[Contributed by Dal Macon, February 2016]
Working with the Student Health Coalition during the summer of 1971, my role was to coordinate the support staff of non-medical students during each Health Fair. The background to the need for that position, I was told, came from the preceding summers. During ’69 and ’70 the experience of exploring what the program was to be, for the most part, had been greeted with open arms and calls for more. In 1970, a caution had been practiced with selecting who had been invited to participate, and so SHC’s plan for increasing the staff in ’71 brought hesitations. But, the idea also was viewed with a willingness to try it from the reason that a large number of local people would probably be attending the fairs. And this consideration justified at least experimenting with a larger staff.
Their responsibilities included taking medical histories and keeping records, together with the more repetitive lab jobs such as taking blood pressure. And from that, my responsibilities were handling the staff’s scheduling, everyone’s job assignments, dealing with unexpected needs and, generally, overseeing for a smooth daily operation. During that summer we occasionally conducted two Health Fairs simultaneously and dividing the staff into two teams, fairly, became another responsibility (and a challenge).
My filling the role was moderately successful, but not without complaints. Examples were that some of the staff had been overlooked by repeatedly being assigned to less interesting jobs or that I had not given some problems adequate attention. I do seem to recall that one or two people left early with the opinion that their experience had not matched their anticipation. By the summer’s conclusion, the overall evaluation of the many aspects of SHC and the Health Fairs was positive, but the experiment of expanding the support staff was viewed as more negative and not to be continued. In many ways the operation had been strong, but not as much due to or proportional to the larger number of workers.
Briefly, my personal experience was very positive. The values of wanting social-economic-political change had grown in me during my undergraduate years, but at that point they were still at only a beginning point. By the end of the three months, though, those ‘beginning values’ had become much more tested and real. The SHC focus on local residents as defining successful community change was and continues to be confirmed. While becoming a full time ‘organizer’ or ‘worker’ was not to be my primary commitment, the summer with SHC has colored my perception and thought of community ethics– both political and non-political–ever since.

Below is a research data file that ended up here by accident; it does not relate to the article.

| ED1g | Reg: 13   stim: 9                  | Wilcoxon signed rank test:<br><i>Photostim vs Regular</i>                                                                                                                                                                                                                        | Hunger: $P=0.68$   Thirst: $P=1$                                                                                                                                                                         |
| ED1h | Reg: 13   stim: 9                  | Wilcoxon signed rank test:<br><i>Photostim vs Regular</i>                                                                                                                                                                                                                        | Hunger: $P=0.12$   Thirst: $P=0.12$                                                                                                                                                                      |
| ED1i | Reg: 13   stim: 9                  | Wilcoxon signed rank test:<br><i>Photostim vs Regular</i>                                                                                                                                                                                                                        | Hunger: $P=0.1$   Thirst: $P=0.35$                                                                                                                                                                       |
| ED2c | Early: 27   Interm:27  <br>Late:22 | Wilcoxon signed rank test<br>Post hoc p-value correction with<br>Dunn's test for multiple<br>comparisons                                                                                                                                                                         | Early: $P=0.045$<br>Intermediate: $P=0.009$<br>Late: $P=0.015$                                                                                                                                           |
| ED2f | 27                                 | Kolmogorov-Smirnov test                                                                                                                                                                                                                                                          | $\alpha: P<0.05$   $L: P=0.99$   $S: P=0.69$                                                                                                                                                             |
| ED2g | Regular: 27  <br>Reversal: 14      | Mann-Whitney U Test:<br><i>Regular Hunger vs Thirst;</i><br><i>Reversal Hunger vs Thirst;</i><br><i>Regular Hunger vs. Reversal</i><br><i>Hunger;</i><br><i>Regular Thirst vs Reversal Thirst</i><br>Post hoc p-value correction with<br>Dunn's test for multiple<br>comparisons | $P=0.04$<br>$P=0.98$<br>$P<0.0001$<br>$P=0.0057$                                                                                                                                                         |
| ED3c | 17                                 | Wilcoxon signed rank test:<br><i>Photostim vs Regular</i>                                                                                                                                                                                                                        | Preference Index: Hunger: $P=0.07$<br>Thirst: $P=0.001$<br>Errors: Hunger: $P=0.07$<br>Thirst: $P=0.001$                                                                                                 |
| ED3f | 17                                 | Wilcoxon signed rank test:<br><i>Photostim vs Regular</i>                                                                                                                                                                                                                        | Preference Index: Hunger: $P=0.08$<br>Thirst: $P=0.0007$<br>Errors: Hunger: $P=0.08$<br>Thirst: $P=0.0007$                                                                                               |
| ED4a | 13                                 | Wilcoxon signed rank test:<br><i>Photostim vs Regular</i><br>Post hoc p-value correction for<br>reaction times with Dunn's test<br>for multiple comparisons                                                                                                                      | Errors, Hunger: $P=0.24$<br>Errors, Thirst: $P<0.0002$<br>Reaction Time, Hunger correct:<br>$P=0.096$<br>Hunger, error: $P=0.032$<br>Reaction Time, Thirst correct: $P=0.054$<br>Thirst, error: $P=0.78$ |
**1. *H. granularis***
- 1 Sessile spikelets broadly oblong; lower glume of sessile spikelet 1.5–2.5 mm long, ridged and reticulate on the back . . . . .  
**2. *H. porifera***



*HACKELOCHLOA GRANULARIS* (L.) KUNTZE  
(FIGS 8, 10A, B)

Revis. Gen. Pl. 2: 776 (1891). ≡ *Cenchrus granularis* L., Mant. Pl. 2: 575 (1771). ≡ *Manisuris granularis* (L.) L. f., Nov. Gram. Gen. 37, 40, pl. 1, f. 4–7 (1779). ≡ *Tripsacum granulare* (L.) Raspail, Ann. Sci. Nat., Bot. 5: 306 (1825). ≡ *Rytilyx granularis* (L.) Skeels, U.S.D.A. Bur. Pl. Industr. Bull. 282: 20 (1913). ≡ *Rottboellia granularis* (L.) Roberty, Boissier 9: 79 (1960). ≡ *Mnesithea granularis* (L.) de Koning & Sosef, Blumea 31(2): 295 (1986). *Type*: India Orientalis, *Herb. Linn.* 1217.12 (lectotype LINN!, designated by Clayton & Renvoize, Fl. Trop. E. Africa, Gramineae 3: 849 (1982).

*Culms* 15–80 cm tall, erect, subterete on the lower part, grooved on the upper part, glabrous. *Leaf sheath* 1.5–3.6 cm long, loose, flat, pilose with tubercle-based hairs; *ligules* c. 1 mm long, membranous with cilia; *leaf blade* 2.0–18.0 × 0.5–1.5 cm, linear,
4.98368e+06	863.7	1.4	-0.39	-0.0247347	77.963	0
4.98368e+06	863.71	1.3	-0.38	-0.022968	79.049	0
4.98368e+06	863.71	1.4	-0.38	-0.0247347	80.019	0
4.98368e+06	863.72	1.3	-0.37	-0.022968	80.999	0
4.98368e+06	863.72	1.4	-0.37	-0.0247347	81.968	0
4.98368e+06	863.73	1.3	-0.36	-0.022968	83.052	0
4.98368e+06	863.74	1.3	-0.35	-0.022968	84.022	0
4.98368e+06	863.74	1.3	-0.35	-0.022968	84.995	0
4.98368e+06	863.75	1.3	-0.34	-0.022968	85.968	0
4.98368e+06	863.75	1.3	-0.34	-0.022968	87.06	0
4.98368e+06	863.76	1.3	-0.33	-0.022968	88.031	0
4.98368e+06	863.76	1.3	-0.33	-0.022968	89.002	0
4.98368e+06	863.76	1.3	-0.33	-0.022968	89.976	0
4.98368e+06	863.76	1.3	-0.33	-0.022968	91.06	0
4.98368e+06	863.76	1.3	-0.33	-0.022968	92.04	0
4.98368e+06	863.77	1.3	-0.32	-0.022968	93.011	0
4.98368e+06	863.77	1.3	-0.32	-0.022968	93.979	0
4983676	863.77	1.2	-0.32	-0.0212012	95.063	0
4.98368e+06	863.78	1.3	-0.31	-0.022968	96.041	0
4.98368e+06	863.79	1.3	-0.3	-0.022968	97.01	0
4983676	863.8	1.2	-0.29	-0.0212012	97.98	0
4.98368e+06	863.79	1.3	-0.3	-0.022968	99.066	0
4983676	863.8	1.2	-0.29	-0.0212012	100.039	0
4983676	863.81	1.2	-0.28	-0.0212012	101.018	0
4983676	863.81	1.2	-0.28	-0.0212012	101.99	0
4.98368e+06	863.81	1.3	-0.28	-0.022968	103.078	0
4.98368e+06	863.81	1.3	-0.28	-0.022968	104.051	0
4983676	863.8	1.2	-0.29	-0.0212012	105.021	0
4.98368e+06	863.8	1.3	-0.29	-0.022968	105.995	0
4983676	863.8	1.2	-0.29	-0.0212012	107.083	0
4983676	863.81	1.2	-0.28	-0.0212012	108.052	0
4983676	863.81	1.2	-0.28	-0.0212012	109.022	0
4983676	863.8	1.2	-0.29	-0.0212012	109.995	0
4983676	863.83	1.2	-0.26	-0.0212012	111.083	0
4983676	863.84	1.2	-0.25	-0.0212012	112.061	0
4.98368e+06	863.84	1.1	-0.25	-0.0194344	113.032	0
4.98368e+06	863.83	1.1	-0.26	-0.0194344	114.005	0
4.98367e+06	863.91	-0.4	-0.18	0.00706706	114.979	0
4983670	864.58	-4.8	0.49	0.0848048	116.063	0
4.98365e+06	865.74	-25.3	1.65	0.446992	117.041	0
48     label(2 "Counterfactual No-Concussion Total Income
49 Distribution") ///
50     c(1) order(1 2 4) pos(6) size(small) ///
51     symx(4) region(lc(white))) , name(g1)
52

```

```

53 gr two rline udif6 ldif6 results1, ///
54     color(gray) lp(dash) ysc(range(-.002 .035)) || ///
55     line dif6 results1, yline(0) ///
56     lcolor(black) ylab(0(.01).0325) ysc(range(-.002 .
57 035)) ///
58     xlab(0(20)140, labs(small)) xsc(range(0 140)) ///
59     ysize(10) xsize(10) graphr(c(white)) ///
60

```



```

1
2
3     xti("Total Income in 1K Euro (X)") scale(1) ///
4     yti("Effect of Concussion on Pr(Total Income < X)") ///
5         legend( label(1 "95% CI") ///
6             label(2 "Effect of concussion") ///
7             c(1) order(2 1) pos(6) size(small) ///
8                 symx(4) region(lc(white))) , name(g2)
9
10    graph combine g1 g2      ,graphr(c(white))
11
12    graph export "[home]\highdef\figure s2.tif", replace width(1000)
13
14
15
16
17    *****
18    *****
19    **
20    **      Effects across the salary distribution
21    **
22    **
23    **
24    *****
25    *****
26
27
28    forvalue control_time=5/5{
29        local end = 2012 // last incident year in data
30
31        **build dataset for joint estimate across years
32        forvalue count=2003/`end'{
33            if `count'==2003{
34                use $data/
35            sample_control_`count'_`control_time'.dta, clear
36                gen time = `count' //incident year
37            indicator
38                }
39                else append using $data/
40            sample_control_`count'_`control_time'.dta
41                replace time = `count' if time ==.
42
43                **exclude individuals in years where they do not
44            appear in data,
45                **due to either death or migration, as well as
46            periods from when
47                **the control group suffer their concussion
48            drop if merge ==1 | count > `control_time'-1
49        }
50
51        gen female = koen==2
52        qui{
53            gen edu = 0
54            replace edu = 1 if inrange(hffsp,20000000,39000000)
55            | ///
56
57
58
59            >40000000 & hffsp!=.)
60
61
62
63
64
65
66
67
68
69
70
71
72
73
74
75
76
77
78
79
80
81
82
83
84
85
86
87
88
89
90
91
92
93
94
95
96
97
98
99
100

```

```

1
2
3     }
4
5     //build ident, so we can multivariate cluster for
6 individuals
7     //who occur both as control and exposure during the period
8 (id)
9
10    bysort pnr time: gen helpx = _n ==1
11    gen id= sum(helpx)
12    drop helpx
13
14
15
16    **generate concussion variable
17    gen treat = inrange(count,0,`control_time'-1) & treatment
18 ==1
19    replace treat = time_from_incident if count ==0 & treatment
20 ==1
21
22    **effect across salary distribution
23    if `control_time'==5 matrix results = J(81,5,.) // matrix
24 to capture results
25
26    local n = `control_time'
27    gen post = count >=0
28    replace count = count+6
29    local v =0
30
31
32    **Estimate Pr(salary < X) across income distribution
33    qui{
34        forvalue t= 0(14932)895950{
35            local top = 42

Since that summer of ’71, more has happened in everyone’s life than can, even generally, be described. But in a very few sentences here, an attempt will be made to point at why, forty five years later, I’m still in the area and what kinds of things I’ve done.
The following eight years were not in Appalachia. Rather, supporting myself with various jobs and traveling, choosing studio art and returning to school for it, and getting married were among the significant events.
Through much more coincidence and circumstance than intention, deciding to move back to the area was due to both of our interests. My wife, Marian Colette, also had an exposure to community work in the Kentucky County that neighbors the Clearfork area. One decision led to situations that led to more decisions. Since being here, most of my time has been spent being a spouse/parent, teaching on the very small college level, doing art when time allowed and, yes, being involved with community issues, projects and programs.
For example, being seen as an ‘artist’, I painted some murals. For a number of years we fought successfully against the invasion of landfills just north of Jellico. Ironically, Marian was the one that worked with the Center for Health Services at Vanderbilt and operated a Maternal Infant Health Outreach Worker program that grew into a larger family program operated by local people. I had my own jobs, but taught GED students in the evenings.
Serving on the board to the Woodland Community Land Trust (WCLT) was an invitation that was made out of people knowing me as someone who had been around and a guy who did some art. By that time, the mid 90’s, I had begun teaching as an adjunct on the college level, our kids were in school, and time was even more limited. As much as WCLT has achieved many of its purposes by providing a stability and hope to some, it has not been easy or without problems or, even, setbacks. I continue to serve on the WCLT board.
That’s enough to generally point at what I’ve done. We’ve enjoyed ourselves as much from just living in the country as the other reasons. Opportunities to become involved are always around. The SHC experience gave me an openness to live here, to see some of the area’s problems, to work towards solutions, and, most of all, to know and enjoy the people who live here.”